Tuesday, January 23, 2018

How the EC infected our electoral system

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COMMENT | Article 114 of the Federal Constitution requires the appointment of an Election Commission (EC) which enjoys public confidence. After all, the EC is the constitutional body tasked with managing the all-important electoral system in Malaysia.

However, if the actions of the EC in 2017 are anything to go by, the EC has inspired zero public confidence and has failed in its duty to administer elections in Malaysia.

One would think that as a public entity set up and empowered by the highest law of the nation, the EC would act in the public interest with the highest standard of integrity, competence, and impartiality.

On the contrary, the EC has taken various actions and decisions in 2017 which made the electoral system worse. This article summarises eight of such regressive actions.

Bulldozing the redelineation process

The EC started the redelineation process for Sabah and Peninsular Malaysia in September 2016. Instead of correcting the severe malapportionment and gerrymandering in the existing electoral boundaries, the EC took steps to make it worse by creating more super-sized constituencies.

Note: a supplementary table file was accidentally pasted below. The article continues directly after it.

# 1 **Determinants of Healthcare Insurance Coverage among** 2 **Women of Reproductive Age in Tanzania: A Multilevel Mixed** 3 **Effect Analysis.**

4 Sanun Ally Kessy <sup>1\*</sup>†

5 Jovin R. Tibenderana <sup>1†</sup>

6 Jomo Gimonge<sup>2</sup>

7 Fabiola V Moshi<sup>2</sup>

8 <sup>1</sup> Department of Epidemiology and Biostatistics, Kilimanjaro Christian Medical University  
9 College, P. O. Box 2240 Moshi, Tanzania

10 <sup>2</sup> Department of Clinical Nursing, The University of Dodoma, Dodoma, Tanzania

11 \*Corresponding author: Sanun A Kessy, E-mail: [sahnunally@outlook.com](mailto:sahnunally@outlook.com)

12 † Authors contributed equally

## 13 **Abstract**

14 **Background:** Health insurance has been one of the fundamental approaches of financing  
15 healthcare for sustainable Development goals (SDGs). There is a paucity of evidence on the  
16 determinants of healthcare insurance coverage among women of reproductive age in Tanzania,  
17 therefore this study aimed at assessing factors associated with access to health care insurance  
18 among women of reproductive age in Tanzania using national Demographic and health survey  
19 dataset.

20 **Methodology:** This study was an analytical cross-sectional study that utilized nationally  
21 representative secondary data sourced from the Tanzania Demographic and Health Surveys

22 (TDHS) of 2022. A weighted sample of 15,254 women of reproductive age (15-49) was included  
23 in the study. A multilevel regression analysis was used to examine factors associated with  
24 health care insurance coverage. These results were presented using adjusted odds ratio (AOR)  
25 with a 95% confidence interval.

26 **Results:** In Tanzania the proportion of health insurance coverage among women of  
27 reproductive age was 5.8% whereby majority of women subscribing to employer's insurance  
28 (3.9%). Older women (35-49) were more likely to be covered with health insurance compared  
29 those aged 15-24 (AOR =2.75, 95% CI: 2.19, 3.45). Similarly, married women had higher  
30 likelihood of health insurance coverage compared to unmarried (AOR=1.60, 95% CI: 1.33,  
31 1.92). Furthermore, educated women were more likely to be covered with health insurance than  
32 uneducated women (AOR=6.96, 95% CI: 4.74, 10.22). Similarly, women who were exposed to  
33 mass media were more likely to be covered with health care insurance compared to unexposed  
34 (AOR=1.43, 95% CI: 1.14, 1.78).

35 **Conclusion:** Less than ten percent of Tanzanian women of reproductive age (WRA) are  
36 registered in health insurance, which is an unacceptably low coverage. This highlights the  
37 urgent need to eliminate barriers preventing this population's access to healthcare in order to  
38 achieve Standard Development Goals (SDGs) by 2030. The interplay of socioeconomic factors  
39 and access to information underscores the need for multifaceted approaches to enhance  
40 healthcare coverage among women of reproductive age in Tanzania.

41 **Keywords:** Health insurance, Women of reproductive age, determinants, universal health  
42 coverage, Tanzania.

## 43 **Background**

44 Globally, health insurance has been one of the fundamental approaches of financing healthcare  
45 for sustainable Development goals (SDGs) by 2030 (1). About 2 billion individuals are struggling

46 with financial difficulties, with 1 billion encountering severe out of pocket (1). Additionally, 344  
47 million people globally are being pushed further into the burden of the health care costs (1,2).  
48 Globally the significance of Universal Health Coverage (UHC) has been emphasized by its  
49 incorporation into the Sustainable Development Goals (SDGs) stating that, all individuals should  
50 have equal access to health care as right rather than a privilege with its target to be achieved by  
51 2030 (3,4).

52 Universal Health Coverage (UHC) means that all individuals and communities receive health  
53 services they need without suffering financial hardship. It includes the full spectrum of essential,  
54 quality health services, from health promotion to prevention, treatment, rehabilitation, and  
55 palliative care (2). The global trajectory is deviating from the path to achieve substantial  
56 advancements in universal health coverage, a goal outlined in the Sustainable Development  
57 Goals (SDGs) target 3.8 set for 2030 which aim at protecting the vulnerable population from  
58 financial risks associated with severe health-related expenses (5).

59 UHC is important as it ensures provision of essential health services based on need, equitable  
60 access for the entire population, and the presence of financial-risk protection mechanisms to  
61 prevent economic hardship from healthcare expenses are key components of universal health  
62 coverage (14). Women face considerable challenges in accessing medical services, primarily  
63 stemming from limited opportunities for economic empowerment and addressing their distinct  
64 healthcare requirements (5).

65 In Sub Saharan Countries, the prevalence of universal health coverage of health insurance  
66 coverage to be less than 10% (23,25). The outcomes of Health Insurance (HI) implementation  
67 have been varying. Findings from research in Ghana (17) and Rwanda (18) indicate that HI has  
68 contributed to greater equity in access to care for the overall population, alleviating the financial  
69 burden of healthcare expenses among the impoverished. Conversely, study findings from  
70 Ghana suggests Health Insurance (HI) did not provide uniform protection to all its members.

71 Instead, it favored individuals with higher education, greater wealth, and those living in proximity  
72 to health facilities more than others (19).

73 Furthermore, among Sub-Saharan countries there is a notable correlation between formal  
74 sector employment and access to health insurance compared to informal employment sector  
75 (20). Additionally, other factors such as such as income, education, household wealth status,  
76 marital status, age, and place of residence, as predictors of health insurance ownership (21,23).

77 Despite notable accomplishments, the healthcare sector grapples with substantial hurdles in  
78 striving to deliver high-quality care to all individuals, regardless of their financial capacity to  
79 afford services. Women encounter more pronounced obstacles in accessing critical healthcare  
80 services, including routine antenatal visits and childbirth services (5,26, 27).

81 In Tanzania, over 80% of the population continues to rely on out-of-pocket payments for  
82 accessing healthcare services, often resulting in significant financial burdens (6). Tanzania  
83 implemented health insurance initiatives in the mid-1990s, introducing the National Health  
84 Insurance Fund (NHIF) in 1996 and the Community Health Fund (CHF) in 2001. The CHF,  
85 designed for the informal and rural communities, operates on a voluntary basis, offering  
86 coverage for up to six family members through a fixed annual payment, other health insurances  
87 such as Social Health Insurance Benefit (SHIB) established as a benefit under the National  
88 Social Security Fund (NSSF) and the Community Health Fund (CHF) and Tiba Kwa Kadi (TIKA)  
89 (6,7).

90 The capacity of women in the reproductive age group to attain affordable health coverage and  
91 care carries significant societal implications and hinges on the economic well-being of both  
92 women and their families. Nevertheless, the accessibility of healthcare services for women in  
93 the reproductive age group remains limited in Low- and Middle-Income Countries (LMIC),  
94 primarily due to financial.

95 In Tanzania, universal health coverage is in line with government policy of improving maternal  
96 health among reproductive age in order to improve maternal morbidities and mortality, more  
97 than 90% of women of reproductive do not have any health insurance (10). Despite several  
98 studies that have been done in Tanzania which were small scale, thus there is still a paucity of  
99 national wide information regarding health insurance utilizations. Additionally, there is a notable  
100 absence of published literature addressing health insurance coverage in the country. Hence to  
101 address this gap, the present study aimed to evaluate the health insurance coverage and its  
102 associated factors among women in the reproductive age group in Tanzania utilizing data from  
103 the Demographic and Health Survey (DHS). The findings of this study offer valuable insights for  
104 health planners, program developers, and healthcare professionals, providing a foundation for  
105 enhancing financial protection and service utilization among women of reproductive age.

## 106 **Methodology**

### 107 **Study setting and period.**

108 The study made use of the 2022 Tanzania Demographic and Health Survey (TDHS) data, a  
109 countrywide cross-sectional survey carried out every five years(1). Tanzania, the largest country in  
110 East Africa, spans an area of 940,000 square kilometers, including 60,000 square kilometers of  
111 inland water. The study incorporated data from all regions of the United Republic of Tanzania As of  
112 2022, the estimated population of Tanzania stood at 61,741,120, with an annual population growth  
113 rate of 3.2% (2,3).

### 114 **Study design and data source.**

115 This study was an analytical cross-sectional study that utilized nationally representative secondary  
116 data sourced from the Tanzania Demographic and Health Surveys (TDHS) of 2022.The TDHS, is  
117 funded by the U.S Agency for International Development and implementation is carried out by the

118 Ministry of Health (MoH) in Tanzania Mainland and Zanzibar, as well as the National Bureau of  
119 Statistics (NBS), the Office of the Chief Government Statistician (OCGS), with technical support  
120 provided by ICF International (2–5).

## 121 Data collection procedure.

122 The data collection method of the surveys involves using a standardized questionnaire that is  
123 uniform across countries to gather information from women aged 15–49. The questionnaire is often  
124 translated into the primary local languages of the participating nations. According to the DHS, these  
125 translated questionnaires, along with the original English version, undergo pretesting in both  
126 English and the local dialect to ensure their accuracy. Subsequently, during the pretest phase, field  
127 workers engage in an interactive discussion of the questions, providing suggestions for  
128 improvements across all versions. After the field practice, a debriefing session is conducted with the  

In March 2017, the EC forcefully proceeded with the second display of their proposed redelineation, despite the Selangor government obtaining a stay order against it from the courts, pending the disposal of their judicial review challenge. For the first time in history, Selangor was excluded from the second redelineation display.

In December 2017, the Selangor case was unfortunately dismissed. The EC wasted no time and rushed out the notice of local enquiry within two days. The local enquiries were held during the festive period when many objectors were away.

It is clear that the EC is hellbent on bulldozing through the redelineation before the upcoming general elections. This is highly improper as the EC has up till September 2018 to complete the exercise.

Various analysis by researchers have shown that the redelineation would swing 15-20 seats in favour of the ruling coalition.

Seven other court cases were also filed in other states in 2017 to challenge the unconstitutional redelineation.

Instead of being accountable for the allegations of malapportionment and gerrymandering, the EC and Attorney-General’s Chambers (AGC) skirted around the issue and relied on weak legal arguments – that the proposed recommendations are not legally binding and therefore should not be reviewed by the courts.

Destruction of voter records

In a shocking revelation during the course of the Selangor’s redelineation legal case, the EC admitted that they have no records of the 136,272 voters without addresses in Selangor because the documents have been destroyed.

Similarly, there are 44,190 voters without addresses in Melaka and 56,323 in Perak.